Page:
New Evidence Reveals Pythagoras Wrote Dozens Of Unhinged Conspiracy Theorems About Triangles

One contemporary account details a complex numerical system devised by Pythagoras that used the triangular shape of the uppercase letter delta to unlock hidden instructions being transmitted to him through the pages of The Iliad.

CAMBRIDGE, MA—A trove of recently unearthed documents dating back to the sixth century B.C. has revealed that the ancient Greek philosopher and mathematician Pythagoras wrote dozens of elaborate, unhinged conspiracy theorems pertaining to triangles, researchers announced Wednesday.

Upon examining a cache of papyrus scrolls found while excavating a site near the modern Italian city of Crotone, a team of historians and classical scholars at Harvard University discovered previously unknown writings by Pythagoras and others that suggest the philosopher was obsessed with proving triangles played a powerful but highly secretive role in the world he inhabited, controlling nearly every aspect of life.


“These conspiracy theorems shed new light on this historic figure, who was apparently suspicious of the fact that all triangles have interior angles adding up to 180 degrees, believing this was evidence that they were united in hiding some sort of covert agenda,” said Professor Janet Boisvert, who found among the artifacts an alternative version of the Pythagorean theorem in which Pythagoras concluded that the square of the hypotenuse of a right triangle was equal to the sum of “all the lies embodied by these cursed triangles!” “One scroll is 35 feet long and contains nothing but a rambling series of postulates attempting to demonstrate the existence of a triangle with three obtuse angles that he thought was being kept under wraps by the government.”

“Pythagoras also stayed up every night for two years working on formulas he believed would prove the Great Pyramid at Giza was a hoax perpetrated by pro-triangle propagandists,” she added.

According to Boisvert, Pythagoras’ fixation on conspiracy theorems was described in the written accounts of his students, who recalled visiting his private study and finding the walls, the tables, and nearly every available surface covered in intricate equations and charts depicting hundreds of scalene, isosceles, and equilateral triangles. One student noted that Pythagoras always seemed worried by the sheer number of triangles he saw around him, and he became extremely distraught one day upon realizing that quadrilaterals, which he had until then considered innocuous, were in fact nothing more than two triangles combined.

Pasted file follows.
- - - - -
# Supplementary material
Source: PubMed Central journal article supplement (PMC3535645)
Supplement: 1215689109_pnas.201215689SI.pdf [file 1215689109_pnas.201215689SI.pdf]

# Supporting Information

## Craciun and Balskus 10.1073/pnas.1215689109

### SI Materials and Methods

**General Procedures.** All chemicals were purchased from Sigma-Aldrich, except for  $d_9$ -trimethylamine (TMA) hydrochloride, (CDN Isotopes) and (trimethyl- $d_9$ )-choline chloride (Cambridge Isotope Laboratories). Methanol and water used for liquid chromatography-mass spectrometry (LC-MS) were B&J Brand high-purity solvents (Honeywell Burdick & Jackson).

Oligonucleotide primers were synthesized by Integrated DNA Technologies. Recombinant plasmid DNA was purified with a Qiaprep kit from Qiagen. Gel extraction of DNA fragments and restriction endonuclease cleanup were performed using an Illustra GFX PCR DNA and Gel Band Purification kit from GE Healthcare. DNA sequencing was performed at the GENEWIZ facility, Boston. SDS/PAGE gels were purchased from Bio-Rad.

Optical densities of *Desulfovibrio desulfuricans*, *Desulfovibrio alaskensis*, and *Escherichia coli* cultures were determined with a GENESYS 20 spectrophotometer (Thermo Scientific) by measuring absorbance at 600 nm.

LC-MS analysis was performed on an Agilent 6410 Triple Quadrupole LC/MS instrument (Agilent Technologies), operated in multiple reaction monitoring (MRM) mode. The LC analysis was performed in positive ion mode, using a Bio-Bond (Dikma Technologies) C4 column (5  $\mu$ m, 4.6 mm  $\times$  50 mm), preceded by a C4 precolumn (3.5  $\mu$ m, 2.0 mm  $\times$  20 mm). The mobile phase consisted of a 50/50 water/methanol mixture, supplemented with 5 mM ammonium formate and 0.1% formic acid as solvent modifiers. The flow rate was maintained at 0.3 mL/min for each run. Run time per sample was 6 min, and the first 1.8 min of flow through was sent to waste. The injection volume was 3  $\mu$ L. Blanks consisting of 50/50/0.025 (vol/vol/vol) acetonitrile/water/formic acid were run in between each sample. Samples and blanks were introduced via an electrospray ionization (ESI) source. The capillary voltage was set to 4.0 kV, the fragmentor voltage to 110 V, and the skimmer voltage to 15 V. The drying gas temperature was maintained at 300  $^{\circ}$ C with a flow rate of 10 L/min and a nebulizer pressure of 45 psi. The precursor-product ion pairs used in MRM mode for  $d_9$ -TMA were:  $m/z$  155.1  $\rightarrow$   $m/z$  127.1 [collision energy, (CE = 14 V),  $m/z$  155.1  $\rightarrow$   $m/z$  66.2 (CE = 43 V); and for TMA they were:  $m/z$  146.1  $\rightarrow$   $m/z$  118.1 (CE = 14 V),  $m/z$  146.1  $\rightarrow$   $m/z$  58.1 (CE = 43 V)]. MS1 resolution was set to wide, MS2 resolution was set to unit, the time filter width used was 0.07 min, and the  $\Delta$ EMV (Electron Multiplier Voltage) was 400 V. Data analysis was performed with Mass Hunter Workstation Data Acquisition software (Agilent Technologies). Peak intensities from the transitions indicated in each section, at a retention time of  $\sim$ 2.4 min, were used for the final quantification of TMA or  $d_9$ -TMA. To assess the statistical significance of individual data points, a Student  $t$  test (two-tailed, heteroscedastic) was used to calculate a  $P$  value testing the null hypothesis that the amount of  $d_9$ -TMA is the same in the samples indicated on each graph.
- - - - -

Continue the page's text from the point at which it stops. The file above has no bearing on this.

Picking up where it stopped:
This paranoia is further corroborated by the diary entry of a goatherd who described an elderly mathematician wandering the streets of Metapontum and warning complete strangers about the sails of ships, the shapes of their own noses, and the encroaching power of the trigonocracy.


“We are now able to conclusively identify Pythagoras as the unnamed figure in the Histories of Herodotus who storms into a polis council meeting waving pages scrawled with formulas and screaming, ‘Triangles are all around us, hidden in every shape, and I have the proofs!’ before being escorted out,” Boisvert said. “He continued to demand the truth from local magistrates, having hypothesized that triangles had a fourth, invisible side that those in power didn’t want him to know about.”

“It’s likely that by this point, his obsession with conspiracy theorems had begun to take a toll on his home life,” she continued. “We know an increasingly isolated Pythagoras was left by his wife and four children around 515 B.C., shortly after he accused they themselves of being triangles.”


Documents indicate Pythagoras went on to live a hermetic existence in the foothills of Mount Parnassus, until the realization that even the mountain itself had a triangular shape eventually drove him to suicide.

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